Equity, equality, diversity and inclusion - 2020/21
July 1st 2020 marked the start of a new SafeLives year. As we built up to it, the organisation had significant conversation about structural racism, equity*, equality*, diversity and inclusion.
This was galvanised by the killing of George Floyd in the US and the anti-racism Black Lives Matter protests that have followed in many countries, including the UK. It has also been given urgency by our team. They were calling for faster and much more comprehensive action, as well as greater visibility and structure for the work that’s underway already, to make us and the support we champion for survivors of domestic abuse as equal, inclusive and accessible as possible.
Racial inequality is an endemic and deeply damaging part of British society. Charities are not immune to that and in a number of ways have fallen behind (some) commercial organisations when we should be most conscious of the damage racism does and at the forefront of tackling it.
At SafeLives we have a great deal to do. As author Reni Eddo-Lodge recently noted, ‘the work of anti-racism requires a level of self-reflection… you have to look around you and see where you hold the influence’. SafeLives holds significant influence and therefore responsibility, too.
To mark our new year, we published a version of our equity, equality, diversity and inclusion (EDI) action plan. A version only because the document is a living one and is being added to with more content every day.
This plan speaks to the full spectrum of EDI issues, and the links between them. No one is ever just one thing at once, and our characteristics and identity can of course mean we identify with more than one protected characteristic. However, while the plan is designed to address equality, diversity and inclusion in all forms, we want and need to give specific prominence to improve what we do and how we do it in terms of racial equity and equality.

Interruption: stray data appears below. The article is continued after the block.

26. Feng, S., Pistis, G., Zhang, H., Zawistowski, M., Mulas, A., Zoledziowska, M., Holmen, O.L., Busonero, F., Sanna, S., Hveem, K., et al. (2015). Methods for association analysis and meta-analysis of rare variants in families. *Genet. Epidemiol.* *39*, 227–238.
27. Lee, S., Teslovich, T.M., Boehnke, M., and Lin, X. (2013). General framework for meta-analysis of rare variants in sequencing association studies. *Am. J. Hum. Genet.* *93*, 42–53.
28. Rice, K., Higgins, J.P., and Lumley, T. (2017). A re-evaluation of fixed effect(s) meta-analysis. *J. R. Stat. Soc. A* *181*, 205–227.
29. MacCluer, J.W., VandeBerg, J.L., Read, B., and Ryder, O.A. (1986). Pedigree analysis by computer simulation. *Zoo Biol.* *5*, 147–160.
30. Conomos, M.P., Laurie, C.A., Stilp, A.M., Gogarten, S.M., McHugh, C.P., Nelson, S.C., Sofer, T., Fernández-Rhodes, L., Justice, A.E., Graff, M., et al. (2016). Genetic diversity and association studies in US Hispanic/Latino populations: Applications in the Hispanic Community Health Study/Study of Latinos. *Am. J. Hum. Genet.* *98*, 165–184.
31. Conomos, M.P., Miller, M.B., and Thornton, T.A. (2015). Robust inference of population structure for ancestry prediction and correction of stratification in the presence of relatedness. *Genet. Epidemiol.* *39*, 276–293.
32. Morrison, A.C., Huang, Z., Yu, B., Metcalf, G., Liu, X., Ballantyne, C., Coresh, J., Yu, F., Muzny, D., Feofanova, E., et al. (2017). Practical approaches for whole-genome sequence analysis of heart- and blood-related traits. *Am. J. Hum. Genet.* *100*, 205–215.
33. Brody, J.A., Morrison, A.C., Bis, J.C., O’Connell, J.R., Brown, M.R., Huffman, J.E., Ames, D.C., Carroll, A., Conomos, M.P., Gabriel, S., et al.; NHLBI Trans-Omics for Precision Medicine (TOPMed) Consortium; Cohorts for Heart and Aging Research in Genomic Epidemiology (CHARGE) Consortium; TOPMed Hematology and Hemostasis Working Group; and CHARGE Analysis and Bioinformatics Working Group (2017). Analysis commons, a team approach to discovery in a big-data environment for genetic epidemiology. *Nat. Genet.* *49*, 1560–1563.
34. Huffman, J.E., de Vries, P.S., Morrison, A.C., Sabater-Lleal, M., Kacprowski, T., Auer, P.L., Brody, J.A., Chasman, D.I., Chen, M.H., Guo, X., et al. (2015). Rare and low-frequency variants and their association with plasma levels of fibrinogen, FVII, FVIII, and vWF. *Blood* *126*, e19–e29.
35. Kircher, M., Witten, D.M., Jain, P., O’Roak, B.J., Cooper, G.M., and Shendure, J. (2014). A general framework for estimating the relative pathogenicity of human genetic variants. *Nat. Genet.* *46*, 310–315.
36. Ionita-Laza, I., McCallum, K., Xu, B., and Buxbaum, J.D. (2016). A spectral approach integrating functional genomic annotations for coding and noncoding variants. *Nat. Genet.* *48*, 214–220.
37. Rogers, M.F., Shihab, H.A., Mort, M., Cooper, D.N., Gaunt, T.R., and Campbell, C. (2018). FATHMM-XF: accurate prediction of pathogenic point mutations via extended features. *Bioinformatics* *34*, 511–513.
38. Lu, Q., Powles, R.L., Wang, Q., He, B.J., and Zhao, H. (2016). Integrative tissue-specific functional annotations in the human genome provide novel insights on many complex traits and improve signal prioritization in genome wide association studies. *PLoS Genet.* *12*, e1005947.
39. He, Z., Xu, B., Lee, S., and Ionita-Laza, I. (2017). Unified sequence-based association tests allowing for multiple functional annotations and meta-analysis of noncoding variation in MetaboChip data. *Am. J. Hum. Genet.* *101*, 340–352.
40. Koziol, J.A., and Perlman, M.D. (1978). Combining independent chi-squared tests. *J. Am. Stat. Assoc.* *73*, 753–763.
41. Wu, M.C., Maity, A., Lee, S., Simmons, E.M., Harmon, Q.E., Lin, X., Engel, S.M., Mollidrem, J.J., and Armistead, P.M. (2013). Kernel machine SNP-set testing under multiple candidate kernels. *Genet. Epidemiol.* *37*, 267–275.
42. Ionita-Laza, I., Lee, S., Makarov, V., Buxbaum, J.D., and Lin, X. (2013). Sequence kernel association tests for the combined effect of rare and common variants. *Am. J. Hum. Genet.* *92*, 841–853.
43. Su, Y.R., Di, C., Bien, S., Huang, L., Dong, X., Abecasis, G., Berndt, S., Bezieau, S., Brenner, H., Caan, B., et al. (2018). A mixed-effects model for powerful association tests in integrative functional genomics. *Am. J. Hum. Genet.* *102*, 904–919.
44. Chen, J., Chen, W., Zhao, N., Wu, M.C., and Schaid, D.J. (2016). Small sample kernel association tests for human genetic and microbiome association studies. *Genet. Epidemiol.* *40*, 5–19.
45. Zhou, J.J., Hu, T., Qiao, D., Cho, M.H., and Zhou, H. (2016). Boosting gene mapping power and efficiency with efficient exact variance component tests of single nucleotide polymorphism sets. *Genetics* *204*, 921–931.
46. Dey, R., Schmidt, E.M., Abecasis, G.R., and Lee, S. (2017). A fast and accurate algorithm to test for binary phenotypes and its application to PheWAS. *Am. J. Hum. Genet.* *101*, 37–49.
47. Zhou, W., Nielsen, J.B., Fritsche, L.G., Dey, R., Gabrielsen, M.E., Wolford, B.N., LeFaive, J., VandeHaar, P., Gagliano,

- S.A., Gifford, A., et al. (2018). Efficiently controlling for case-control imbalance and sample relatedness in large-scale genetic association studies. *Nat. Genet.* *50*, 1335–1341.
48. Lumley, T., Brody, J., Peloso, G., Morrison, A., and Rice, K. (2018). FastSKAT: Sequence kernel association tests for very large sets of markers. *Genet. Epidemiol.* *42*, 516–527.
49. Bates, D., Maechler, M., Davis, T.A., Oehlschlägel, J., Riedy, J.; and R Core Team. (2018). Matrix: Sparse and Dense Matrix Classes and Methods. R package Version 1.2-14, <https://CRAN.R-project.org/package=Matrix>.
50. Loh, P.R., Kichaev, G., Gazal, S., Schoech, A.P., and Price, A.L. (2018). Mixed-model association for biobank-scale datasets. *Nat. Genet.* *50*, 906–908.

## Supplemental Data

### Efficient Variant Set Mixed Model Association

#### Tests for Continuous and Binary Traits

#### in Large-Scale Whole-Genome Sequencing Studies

Our plan sets out concrete actions for 2020/21 linked to the following four themes:
- Our team – by which we mean employed staff, our associate team, our Board and the SafeLives Pioneers
- Our communications and audiences – covering the content, voices, language, imagery, formats and channels we use to tell the whole story of domestic abuse, including how we present ourselves, who we represent and are perceived to represent and advocate for
- Our collaborations, partners and projects – by which we mean the many individuals and organisations we work with on projects, service delivery, and in informal ways, thinking about how we’re experienced by other people
- Our service delivery – examining what impact are we having, together with our partners; what’s the experience people have of the domestic abuse response they receive which we have partnered in or commissioned
It also sets out how we will monitor our progress and impact. Before the end of 2020 we will have completed baselining work, which allows us to set a further set of goals for the next phase of actions and delivery.
At SafeLives we hold the privilege of being listened to. We want to acknowledge that, and change the dynamics of the way we listen, reflect and act on what we hear and what we learn, increasing the extent to which we share or make space for individuals and organisations who hold expertise that we don’t, but also becoming more representative ourselves of the full range of communities we aim to serve.